• @ceejayoz, well this is for having an idea about the bandwidth available (not the exact and full informations), it's not stable and we all know that ec2 uses a complex algorithm for distributing cpu & bandwidth based on vm priority, the same thing goes for other cmp (omega from google). Besides you can test the performance of your app when using ec2 and other dedicated solution, that's what we did (testing t2.micro limits). Of course the download speed is not consistent, so we used c4.xlarge for production to increase instance priority and get more consistency – Nourdine Alouane Aug 25 '16 at 10:07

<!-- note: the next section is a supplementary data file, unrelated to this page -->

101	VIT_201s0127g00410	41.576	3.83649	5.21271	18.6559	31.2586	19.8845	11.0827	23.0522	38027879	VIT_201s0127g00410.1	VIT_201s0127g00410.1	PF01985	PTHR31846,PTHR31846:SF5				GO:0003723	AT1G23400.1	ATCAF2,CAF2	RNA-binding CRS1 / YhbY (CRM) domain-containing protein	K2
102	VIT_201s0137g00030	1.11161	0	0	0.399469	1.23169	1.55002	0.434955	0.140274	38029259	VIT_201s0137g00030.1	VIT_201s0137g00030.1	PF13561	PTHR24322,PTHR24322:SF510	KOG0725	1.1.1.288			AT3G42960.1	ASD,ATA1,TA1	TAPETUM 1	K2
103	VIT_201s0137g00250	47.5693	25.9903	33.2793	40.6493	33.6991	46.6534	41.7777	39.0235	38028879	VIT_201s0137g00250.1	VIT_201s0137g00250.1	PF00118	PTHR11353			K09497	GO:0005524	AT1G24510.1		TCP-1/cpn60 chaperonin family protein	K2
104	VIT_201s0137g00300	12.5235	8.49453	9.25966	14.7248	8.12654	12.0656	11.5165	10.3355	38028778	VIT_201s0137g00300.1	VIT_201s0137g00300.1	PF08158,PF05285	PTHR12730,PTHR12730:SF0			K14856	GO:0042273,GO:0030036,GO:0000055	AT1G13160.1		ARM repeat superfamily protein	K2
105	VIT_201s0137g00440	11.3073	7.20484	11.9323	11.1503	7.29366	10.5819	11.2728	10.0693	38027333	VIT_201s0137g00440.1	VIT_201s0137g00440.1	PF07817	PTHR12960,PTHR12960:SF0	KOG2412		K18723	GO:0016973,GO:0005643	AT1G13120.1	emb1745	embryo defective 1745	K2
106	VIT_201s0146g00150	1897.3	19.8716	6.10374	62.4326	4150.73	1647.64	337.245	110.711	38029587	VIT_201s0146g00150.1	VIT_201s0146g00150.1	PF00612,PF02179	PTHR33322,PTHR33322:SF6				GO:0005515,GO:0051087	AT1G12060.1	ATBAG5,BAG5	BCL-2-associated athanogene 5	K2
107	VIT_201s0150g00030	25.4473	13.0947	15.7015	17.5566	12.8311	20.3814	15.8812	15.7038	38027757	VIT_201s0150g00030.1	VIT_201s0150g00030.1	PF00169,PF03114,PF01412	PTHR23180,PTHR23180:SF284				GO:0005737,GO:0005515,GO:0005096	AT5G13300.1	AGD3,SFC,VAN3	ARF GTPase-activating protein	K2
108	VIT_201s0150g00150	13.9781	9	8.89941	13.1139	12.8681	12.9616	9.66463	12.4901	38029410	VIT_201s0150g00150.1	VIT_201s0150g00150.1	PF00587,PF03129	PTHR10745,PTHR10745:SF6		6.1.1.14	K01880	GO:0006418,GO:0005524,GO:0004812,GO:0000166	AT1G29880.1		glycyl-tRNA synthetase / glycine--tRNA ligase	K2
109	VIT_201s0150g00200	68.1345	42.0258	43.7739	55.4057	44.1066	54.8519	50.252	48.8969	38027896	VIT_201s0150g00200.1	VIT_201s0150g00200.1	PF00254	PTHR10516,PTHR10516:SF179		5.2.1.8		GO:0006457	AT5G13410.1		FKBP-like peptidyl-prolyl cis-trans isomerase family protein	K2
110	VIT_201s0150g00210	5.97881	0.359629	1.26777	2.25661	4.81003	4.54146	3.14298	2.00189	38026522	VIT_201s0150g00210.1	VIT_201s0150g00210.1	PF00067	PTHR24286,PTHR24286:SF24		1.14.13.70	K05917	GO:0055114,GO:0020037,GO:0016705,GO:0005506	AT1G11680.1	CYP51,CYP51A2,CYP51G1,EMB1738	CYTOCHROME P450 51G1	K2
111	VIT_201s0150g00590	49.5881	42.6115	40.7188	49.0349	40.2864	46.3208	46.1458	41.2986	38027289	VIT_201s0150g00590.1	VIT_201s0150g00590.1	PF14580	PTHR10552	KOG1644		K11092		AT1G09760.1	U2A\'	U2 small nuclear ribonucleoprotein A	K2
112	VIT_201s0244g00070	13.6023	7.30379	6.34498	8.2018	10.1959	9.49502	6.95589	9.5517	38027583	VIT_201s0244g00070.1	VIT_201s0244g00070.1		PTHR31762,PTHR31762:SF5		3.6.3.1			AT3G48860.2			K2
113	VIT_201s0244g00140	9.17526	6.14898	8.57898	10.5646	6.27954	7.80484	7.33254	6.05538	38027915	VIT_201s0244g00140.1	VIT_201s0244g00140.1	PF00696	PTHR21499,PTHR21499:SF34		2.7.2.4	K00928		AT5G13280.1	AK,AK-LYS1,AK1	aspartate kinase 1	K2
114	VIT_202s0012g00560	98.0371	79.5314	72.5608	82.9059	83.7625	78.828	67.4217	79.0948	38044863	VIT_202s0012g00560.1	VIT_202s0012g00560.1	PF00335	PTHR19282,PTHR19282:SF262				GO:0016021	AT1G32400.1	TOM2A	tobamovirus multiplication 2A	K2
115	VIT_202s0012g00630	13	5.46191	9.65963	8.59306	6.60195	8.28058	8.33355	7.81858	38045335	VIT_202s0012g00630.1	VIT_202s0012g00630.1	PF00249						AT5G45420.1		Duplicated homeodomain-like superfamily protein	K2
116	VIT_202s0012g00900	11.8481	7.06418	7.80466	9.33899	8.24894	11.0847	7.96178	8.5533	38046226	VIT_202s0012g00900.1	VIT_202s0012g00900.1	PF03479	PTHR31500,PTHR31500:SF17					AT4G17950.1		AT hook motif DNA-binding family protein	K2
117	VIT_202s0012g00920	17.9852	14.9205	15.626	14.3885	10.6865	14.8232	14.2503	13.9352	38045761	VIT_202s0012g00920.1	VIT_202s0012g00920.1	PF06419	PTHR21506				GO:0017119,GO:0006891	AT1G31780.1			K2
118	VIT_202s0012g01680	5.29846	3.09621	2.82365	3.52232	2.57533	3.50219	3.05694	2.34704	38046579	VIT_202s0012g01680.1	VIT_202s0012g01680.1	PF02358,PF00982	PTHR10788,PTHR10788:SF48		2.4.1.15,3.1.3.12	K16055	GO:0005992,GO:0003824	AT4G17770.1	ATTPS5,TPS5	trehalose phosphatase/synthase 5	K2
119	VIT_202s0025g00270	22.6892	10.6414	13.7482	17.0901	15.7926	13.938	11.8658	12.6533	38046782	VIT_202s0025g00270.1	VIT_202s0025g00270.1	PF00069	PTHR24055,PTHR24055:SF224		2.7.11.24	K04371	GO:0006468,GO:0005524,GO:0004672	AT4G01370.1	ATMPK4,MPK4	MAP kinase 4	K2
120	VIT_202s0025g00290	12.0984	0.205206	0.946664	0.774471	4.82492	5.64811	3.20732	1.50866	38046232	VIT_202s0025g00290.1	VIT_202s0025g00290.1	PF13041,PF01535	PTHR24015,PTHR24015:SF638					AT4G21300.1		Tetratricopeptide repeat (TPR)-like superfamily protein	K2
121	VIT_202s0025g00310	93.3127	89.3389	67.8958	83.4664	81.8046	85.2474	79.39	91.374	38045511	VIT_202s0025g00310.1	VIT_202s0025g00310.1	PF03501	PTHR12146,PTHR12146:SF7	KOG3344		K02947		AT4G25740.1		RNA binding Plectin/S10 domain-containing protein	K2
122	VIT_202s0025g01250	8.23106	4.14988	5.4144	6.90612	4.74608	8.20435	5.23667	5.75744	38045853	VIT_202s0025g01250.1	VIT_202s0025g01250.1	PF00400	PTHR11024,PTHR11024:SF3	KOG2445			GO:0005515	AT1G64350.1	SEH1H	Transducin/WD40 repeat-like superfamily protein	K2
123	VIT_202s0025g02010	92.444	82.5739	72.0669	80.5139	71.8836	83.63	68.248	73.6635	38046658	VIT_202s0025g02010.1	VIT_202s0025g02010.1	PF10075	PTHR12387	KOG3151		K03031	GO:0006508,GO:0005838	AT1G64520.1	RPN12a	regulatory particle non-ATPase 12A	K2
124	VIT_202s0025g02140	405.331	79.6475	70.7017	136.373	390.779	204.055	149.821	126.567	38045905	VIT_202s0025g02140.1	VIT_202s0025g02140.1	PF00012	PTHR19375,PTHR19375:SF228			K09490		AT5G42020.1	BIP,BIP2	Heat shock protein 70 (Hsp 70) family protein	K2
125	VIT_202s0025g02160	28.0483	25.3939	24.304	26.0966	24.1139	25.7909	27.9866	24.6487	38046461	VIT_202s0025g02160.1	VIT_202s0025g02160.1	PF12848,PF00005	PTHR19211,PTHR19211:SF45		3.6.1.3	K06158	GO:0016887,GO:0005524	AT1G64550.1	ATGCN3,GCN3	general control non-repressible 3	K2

It appears that EC2 is offering an Enhanced Networking feature for better network performance:

For supported Amazon EC2 instances, this feature provides higher packet per second (PPS) performance, lower inter-instance latencies, and very low network jitter.

Unfortunately the feature does not seem to be available for the T* instance range:

Currently C3, C4, D2, I3, I2 M4, X1 and R3 instances support Enhanced Networking. X1, P2, I3, R4 and m4.16xlarge instances provide the Elastic Network Adapter (ENA) interface for Enhanced Networking. C3, C4, R3, I2, M4 (except m4.16xlarge) and D2 instances, use Intel® 82599 Virtual Function Interface.

  • 1
    Enhanced networking separates EBS (network attached disk) bandwidth from network bandwidth. It increases network bandwidth only by moving other traffic to another interface. – Tim Mar 18 '17 at 8:11